Ice, snow, and wind to make trouble for truckers through the week


The trifecta of bad weather – ice, snow, and strong winds – will make it tough to move freight through parts of the southwestern and western U.S. for the next few days. Drivers will have to be extra careful, wait for conditions to clear, or find alternate routes around the southern Rockies and sections of the Great Plains.

Ice and snow

Freezing rain continues today (Wednesday) in the Big Country of Texas from Abilene to San Angelo, edging close to the Dallas-Fort Worth metroplex and Wichita Falls, and into southern Oklahoma. Anywhere from a glaze to one quarter-inch of ice could accumulate on secondary roads, but could also affect portions of I-20 and I-35, especially bridges and overpasses. Large tree limbs and power lines could buckle under the weight of the ice, blocking roads and/or knocking out electricity.

It might get warm enough later today for the precipitation to change to plain old rain in some of the areas previously mentioned, but it will then transition back to freezing rain and snow tonight, spreading into the Oklahoma City metro area on Thursday. So, conditions will remain slick and dangerous on I-20 and I-35, with the potential of ice on I-40 and I-44.

Lots of snow has been falling across the southern Rockies since New Year’s Eve. Glenn Lader, a meteorologist with the National Weather Service in Tucson, tells FreighWaves that 16 inches have piled up on Mount Lemmon, just north of the city. Other lowland areas in southeastern Arizona have reported up to six inches, while Tucson International Airport (ICAO code: TUS) recorded just under a half-inch. Lader says Tucson sees measurable snow of at least one-tenth of an inch only every few years, and the last time was in 2013.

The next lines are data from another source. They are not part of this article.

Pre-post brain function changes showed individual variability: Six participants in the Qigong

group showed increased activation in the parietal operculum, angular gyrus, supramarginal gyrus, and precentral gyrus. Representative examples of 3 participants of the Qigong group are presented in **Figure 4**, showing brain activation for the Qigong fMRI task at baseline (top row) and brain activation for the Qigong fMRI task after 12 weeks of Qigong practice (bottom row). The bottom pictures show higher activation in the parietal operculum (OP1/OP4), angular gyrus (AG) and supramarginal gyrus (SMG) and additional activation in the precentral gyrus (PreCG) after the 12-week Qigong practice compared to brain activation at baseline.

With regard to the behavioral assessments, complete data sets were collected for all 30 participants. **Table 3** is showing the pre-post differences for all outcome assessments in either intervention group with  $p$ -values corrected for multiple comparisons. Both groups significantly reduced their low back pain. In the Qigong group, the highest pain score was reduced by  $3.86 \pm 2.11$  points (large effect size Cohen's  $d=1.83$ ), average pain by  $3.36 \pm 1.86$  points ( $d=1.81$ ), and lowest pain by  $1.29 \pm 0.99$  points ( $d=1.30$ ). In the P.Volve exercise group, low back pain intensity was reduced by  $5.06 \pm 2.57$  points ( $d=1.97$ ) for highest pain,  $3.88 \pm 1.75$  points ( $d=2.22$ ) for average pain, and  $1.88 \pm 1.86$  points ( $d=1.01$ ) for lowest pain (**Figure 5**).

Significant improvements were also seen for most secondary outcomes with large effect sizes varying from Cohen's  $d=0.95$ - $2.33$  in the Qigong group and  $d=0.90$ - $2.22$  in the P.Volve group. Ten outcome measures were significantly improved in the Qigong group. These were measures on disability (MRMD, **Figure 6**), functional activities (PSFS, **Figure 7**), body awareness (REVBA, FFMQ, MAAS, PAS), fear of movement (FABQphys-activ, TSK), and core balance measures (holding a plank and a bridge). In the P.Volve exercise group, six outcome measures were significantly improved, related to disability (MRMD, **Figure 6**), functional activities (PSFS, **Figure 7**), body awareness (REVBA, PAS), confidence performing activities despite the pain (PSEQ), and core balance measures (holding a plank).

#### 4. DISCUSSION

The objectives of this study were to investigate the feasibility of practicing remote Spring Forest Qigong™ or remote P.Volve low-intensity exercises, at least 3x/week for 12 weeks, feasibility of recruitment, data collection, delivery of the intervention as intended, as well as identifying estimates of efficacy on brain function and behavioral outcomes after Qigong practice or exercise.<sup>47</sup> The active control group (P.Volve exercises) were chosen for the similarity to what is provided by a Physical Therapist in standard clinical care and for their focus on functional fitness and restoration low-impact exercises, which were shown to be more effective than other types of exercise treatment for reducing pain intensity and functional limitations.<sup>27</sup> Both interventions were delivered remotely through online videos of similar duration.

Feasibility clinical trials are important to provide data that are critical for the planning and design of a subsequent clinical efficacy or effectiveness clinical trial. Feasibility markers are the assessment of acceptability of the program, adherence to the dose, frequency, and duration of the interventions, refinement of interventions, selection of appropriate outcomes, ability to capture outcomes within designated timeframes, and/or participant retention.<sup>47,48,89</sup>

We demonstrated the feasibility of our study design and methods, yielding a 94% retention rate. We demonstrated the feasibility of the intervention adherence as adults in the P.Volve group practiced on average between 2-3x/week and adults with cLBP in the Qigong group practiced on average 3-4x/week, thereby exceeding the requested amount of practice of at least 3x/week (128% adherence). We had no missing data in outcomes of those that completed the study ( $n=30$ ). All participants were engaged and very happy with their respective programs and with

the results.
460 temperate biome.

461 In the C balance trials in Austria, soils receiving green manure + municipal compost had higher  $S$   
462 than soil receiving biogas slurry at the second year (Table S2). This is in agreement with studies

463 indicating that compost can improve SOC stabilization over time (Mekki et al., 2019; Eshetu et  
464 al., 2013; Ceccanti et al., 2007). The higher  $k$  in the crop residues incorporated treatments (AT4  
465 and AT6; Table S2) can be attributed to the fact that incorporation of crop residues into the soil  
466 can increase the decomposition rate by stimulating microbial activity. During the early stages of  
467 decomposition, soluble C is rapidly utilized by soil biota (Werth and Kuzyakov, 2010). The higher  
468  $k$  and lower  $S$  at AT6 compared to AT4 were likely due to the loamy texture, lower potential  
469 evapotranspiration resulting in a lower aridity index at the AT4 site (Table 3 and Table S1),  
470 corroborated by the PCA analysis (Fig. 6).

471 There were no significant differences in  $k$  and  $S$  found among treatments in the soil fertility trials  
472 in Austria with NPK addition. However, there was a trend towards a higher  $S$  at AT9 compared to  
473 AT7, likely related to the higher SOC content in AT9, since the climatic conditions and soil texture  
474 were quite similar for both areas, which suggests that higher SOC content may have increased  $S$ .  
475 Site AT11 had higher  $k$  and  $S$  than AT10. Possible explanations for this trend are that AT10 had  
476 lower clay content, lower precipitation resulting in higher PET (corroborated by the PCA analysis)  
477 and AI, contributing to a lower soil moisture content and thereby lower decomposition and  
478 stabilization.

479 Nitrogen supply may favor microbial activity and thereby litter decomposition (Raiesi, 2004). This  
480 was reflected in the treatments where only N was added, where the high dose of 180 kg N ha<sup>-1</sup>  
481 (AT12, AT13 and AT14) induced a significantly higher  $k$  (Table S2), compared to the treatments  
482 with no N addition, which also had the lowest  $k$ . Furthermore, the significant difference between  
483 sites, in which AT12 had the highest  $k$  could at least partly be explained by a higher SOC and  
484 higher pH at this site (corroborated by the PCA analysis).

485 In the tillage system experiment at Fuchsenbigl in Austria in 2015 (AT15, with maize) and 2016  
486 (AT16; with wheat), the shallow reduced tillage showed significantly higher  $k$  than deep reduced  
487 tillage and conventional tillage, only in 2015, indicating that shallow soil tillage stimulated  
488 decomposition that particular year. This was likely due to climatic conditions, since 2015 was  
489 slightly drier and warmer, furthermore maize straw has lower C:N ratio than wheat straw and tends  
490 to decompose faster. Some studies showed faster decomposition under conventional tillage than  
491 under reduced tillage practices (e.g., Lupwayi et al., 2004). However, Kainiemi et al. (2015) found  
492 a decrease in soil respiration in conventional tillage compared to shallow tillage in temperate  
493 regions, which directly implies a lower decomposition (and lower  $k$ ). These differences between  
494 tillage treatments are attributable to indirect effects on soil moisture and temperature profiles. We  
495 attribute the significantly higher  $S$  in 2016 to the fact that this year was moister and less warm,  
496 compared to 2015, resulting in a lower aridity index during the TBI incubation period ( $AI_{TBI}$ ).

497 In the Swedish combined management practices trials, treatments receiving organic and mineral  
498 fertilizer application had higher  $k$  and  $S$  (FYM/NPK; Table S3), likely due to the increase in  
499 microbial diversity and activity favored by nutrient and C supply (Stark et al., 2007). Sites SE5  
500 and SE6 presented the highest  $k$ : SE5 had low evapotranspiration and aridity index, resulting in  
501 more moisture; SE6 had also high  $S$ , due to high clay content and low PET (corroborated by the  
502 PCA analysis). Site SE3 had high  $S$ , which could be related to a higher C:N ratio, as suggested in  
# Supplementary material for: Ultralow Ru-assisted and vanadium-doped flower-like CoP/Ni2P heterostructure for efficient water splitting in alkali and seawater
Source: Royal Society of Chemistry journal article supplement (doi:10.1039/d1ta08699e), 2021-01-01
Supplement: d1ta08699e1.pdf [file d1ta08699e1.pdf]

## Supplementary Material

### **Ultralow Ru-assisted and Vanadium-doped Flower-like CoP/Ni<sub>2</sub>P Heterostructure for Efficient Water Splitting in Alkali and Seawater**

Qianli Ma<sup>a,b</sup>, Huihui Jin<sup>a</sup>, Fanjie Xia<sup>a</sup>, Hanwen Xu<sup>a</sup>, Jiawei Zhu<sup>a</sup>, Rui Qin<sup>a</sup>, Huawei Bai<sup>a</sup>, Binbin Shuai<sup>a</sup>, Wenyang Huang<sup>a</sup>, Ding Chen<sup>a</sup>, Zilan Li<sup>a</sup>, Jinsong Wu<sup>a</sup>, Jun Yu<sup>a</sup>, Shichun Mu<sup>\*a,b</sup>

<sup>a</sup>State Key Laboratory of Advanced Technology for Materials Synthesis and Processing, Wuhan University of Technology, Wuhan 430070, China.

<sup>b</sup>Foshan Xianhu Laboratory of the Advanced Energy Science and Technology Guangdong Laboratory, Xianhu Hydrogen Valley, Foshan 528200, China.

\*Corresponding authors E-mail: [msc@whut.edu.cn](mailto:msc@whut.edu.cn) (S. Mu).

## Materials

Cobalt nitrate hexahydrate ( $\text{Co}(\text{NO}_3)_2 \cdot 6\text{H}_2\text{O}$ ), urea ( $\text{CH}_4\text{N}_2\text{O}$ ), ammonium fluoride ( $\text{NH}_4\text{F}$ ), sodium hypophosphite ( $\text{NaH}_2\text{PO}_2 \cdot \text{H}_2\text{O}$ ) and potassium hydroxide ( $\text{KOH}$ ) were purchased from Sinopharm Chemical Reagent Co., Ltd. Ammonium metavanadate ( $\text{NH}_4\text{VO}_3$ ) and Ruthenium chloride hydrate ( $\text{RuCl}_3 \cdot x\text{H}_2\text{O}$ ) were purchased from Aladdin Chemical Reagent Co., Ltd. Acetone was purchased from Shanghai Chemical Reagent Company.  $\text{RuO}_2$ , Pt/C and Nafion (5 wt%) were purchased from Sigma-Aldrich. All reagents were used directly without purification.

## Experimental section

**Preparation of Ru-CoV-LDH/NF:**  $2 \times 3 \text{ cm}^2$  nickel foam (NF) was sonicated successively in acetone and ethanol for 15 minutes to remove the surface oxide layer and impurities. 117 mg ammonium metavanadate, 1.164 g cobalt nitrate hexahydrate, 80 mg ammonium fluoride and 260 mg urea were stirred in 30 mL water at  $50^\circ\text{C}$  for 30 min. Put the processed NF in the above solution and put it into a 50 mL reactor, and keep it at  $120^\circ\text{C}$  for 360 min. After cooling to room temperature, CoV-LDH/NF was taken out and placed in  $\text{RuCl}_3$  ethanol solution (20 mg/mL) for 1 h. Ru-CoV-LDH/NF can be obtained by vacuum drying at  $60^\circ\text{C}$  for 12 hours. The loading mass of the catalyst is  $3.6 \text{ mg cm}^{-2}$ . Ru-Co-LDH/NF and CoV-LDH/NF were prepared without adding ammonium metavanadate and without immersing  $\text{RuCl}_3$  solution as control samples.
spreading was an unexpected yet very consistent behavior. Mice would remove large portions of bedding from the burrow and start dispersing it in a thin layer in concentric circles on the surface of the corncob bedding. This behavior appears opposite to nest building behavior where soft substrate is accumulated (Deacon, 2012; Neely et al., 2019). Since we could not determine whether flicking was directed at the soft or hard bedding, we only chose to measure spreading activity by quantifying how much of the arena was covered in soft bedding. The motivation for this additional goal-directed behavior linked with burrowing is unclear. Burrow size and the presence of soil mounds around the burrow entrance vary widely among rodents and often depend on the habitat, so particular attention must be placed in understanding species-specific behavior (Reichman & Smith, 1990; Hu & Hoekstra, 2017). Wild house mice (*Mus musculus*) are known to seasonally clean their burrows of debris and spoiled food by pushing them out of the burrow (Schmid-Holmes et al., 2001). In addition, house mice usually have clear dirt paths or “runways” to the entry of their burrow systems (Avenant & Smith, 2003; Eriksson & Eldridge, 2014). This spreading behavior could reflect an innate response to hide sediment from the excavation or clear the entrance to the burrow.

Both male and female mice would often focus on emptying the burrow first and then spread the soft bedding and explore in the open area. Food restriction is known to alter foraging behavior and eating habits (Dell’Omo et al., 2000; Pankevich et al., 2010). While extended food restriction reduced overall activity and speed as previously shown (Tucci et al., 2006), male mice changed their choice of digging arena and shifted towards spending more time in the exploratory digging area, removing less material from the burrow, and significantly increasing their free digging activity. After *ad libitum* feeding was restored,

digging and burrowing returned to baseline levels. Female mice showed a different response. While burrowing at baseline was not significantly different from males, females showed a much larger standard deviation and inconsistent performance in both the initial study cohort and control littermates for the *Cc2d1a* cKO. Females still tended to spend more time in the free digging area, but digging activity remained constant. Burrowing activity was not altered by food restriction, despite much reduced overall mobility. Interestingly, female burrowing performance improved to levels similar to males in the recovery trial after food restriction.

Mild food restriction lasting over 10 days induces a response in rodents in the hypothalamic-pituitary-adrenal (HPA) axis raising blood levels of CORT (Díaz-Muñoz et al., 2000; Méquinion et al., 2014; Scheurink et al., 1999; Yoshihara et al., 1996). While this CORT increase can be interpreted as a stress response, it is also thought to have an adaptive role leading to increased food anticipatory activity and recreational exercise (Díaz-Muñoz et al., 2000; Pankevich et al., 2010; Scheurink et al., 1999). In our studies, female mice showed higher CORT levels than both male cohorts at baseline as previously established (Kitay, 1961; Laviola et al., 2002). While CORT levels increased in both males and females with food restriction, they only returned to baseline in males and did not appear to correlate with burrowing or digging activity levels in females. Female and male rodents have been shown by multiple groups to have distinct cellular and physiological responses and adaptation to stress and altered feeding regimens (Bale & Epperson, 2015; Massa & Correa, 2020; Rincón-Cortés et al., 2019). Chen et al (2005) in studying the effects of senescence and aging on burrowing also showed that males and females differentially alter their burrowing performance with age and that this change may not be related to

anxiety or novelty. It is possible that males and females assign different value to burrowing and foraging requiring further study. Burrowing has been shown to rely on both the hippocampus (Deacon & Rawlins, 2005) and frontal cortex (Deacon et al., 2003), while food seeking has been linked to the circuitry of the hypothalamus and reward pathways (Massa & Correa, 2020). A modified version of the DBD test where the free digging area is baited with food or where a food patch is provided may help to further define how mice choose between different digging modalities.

The Albuquerque International Sunport (ICAO code: ABQ) recorded just two inches, but other parts of the city may have seen a bit more. It was enough to shut down some offices today, according to KRQE-TV on Twitter. Even though snow across the region will fade this afternoon and evening, many roads will remain treacherous.

Temperatures in the region, as well as in Phoenix, will be quite cold Thursday morning compared to early January norms. Fuel gelling could be an issue for drivers who don’t have enough winter additive in their diesel, batteries with low cold-cranking amps (CCA) values will have a hard time starting, and frozen brakes will be common for trucks and trailers sitting overnight.


Winds will be fierce across portions of western and south-central Montana the rest of the week, especially during daylight hours. The worst conditions will be along the Northern and Southern Rocky Mountain Fronts, including Augusta, Browning, Bynum, Choteau, Heart Butte, and Marias Pass. Dangerous crosswinds, mostly from the southwest, will reach 40 to 50 mph this afternoon in the areas previously mentioned, with gusts of 75 mph. Gusts could reach 95 mph Thursday night into Friday morning. Hauling light loads will be difficult at best, deadheading will be downright risky, and blowing snow will reduce visibility in some spots.

Other parts of Big Sky Country will be hammered by gusts of 55 to 65 mph. Drivers will have a hard time on portions of I-90 and US-191, as well as going over Marias Pass (US-2), MacDonald Pass (US-12), and Rogers Pass (SR-200). Even drivers carrying full loads might need to find alternate routes, if possible. High Wind Warnings have been issued by the National Weather Service, some of them lasting until late Friday afternoon.

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Nick Austin, Director of Weather Analytics and Senior Meteorologist

In his 17 years of weather forecasting experience, Nick worked on air at WBBJ-TV and WRCB-TV, including time spent doing weather analysis and field reporting. He received his Bachelor of Science in Meteorology from Florida State University as well as a Bachelor of Science in Management from Georgia Institute of Technology. Nick is also a member of the American Meteorological Society and National Weather Association. As a member of the weather team at WBBJ-TV in Jackson, Tennessee, Nick was nominated for a Mid-South Emmy for live coverage of a major tornado outbreak in 2008. As part of the weather team at WRCB-TV in Chattanooga, Tennessee, Nick shared the Chattanooga Times-Free Press Best of the Best award for “Best Weather Team” for eight consecutive years. Nick earned his National Weather Association Broadcasting Seal in 2005.